The Surveyor, published this year is Ira Singh’s first Novel. Set in the 1970s-80s the Surveyor maps the journey of Ravinder Singh through the eyes of his daughter, the plain Jane, Natasha. The Novel is a quest for one’s identity. It chronicles the lives of a part Sikh part Anglo Indian family, where the younger, demure, plain daughter of Ravinder and Jenny tries to find her true self, much like her father.
‘And here a formal photograph in a studio, to immortalize them, the parents in their best clothes, the two girls in green brocade with sashes. Anushka, hair curled and dress flounced, smiling widely. Courting that old friend, the camera: Natasha staring into it as if trying to fathom its artifices’. These lines from the Epilogue pretty much set the stage for the rest of the novel. The parents are Ravinder and Jenny, the former a non-practicing Sikh, the latter, an Anglo Indian. Ravinder marries Jenny much against the wishes of his family. They have 2 daughters, the beautiful & confident Anushka, and the plain & quite Natasha, who is also the narrator of the story.
‘She is a quite baby who seems to court solitude and rarely cries, she is perfectly healthy but some children emerge from the womb wounded, and she one of them. She has tufts of black hair and a brown skin. Like him, she is like him.’ Natasha inherits her father’s love for the written word and is automatically drawn to his world of Maps and decides to chronicle the lives of surveyors and her father’s. Tracing his journey from 1947, when he joins the Survey of India. In doing so she finds herself asking the same questions as her father, struggling to belong, just like him.
The story and characters might remind you of Hindi Films in the 70s or soaps that once aired on Doordarshan. Set in the late 70s/early 80s a lot of people, who have grown up in the era, would find it so relatable. A middle class family trying to achieve their small aspirations, a rebellious father, a grief stricken mother ‘her grief is for what could have been’. An outgoing older sister blinded by her own beauty, who longs for the lives of her rich NRI cousins and an inconspicuous younger sister. Despite these Clichés, the author spins a story which is poignant and rich with emotions without being melodramatic. Be it Jenny mother’s anguish that her daughter is getting married to one of ‘Them’ or the tension between Ravinder and his father due the latter’s religious beliefs [or rather the lack of it] or the fragile relations between Jenny and her sister which finds a reflection in Natasha and Anusha’s relationship as well, the author handles them with a lot of compassion. There are no villains in the story, just a bunch of people who are humane and flawed at the same time.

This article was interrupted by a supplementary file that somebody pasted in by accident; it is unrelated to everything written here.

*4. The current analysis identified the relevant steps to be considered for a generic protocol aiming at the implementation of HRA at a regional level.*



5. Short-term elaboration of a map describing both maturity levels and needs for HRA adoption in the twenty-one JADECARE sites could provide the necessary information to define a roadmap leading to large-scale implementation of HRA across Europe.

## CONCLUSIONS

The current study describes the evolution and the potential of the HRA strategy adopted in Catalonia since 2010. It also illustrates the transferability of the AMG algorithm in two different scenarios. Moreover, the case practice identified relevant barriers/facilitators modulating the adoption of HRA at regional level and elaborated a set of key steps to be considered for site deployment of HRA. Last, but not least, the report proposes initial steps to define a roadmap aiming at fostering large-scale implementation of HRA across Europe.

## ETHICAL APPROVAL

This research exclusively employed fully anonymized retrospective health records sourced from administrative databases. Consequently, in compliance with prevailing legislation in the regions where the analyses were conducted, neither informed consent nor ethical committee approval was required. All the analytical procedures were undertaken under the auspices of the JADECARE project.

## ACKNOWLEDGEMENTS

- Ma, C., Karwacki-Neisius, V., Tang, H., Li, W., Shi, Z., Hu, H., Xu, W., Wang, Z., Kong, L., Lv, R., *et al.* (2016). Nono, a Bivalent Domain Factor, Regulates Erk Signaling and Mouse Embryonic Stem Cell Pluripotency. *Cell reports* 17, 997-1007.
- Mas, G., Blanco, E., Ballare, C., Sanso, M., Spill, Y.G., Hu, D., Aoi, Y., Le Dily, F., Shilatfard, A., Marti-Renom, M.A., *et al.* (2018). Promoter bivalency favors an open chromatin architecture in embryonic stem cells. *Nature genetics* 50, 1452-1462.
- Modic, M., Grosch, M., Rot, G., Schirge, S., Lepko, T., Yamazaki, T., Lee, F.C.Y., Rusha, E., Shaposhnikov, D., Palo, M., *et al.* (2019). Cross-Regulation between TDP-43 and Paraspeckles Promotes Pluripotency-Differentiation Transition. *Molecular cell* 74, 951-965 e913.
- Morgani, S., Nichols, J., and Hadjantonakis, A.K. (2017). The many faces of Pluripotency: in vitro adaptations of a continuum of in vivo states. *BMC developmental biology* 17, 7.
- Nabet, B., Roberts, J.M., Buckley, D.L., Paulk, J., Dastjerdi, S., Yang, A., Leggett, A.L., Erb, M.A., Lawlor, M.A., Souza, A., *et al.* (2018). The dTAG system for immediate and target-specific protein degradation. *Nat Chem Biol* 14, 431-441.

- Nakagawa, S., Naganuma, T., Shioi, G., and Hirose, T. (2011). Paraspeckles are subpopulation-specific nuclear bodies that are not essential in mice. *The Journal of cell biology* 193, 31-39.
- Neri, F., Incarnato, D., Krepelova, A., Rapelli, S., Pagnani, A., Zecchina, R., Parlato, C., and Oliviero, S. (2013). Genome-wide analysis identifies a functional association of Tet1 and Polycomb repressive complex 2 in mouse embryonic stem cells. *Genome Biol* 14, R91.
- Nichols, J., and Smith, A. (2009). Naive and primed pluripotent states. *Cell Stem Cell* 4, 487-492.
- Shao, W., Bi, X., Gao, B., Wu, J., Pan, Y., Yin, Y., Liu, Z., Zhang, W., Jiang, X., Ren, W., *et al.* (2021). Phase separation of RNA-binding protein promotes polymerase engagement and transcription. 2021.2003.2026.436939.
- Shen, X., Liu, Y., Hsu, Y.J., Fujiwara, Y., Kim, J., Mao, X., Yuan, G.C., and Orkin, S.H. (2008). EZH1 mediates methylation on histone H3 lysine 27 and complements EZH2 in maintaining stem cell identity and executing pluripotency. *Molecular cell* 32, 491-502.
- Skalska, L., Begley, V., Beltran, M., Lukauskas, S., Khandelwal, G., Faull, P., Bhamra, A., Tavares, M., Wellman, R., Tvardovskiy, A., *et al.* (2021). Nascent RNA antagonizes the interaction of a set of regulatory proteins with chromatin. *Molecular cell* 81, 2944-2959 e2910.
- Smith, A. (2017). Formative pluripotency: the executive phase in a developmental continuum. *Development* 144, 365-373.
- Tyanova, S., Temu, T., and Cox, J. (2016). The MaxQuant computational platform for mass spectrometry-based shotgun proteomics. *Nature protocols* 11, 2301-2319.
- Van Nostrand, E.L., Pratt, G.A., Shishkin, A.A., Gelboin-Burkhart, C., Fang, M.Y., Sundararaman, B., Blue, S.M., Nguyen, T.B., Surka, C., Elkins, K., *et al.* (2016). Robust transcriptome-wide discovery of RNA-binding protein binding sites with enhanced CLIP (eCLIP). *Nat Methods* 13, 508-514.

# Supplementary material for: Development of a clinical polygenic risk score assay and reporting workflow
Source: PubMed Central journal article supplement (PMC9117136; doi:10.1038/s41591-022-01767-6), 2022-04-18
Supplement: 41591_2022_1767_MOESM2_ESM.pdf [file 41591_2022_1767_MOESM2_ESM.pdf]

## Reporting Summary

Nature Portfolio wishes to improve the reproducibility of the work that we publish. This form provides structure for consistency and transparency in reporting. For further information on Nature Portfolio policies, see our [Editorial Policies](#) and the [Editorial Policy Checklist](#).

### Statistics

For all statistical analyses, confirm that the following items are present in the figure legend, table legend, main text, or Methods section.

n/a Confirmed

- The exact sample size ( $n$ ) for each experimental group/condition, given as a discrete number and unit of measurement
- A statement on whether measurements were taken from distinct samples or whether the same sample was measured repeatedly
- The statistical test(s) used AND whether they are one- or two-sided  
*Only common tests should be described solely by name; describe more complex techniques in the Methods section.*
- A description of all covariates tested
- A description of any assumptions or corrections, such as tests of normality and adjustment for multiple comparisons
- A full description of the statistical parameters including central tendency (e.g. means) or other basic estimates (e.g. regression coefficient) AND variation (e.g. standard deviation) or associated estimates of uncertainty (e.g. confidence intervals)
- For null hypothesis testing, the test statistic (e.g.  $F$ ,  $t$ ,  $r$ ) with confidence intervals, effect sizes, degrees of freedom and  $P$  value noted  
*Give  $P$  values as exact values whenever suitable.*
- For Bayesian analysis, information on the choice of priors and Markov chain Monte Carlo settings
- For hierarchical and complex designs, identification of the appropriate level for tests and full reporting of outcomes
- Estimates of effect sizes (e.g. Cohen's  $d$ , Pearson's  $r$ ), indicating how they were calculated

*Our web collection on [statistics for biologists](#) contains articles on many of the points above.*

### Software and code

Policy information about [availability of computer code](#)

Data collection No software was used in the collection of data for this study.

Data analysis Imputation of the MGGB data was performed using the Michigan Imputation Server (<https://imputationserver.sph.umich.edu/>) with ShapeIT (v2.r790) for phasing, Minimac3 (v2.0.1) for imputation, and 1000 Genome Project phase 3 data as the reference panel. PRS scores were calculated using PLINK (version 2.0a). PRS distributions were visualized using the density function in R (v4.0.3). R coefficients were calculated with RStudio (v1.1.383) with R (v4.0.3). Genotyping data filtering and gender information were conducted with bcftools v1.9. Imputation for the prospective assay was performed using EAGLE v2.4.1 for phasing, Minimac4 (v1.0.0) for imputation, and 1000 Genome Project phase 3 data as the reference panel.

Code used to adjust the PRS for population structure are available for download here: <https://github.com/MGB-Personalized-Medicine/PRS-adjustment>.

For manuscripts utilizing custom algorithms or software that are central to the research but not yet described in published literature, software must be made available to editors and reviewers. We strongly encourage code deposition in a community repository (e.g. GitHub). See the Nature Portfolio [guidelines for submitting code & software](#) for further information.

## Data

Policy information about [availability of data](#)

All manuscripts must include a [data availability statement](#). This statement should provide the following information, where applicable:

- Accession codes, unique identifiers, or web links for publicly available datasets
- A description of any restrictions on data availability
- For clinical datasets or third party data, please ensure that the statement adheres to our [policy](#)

The language is beautiful and poetic. She creates lovely imagery with her writings.
‘Soon it will be time to go to field again, but now the rain falls and the mist comes whisking upto the wooden houses and it covers them as they sleep’
‘They woke up, he said, as it struck and soon the outdoors were indoors, fires raged, smoke plummeted into the air. The mountains yawned around them. The stars were bright, and there was full moon. The earth rumbled gently, playfully, a mild shudder passed through the remains of houses, people cried out’
The story moves at a slow, dreamy pace, which goes well with Natasha’s character since she is the narrator, however that, at times might deter you. As we reach part VII of the book, things suddenly start happening at a faster pace, a pace you were not used to so long, hence it looks a little hurried. We see a Natasha, who is more confident and has found her calling at last, however you wonder what triggered the change?
A question that I have for the author is the reason for calling the book ‘The Surveyor’, yes we do have Natasha following the lives of the surveyors, documenting their history and it indeed is an interesting read, but it could have been any other profession. Especially because it is mostly small facts and anecdotes about the surveyors and about the journeys that Ravinder undertook, but these are few and far between. Even when she is talking about Ravinder’s experiences, they mostly talk about his inner conflicts, his being a surveyor does not add to the story in any big way as one would expect.
Do I recommend the book? Sure, the language is rich, the story is beautiful. Pretty fit for Autumn I must say, because it leaves you with a sweet sense of melancholy.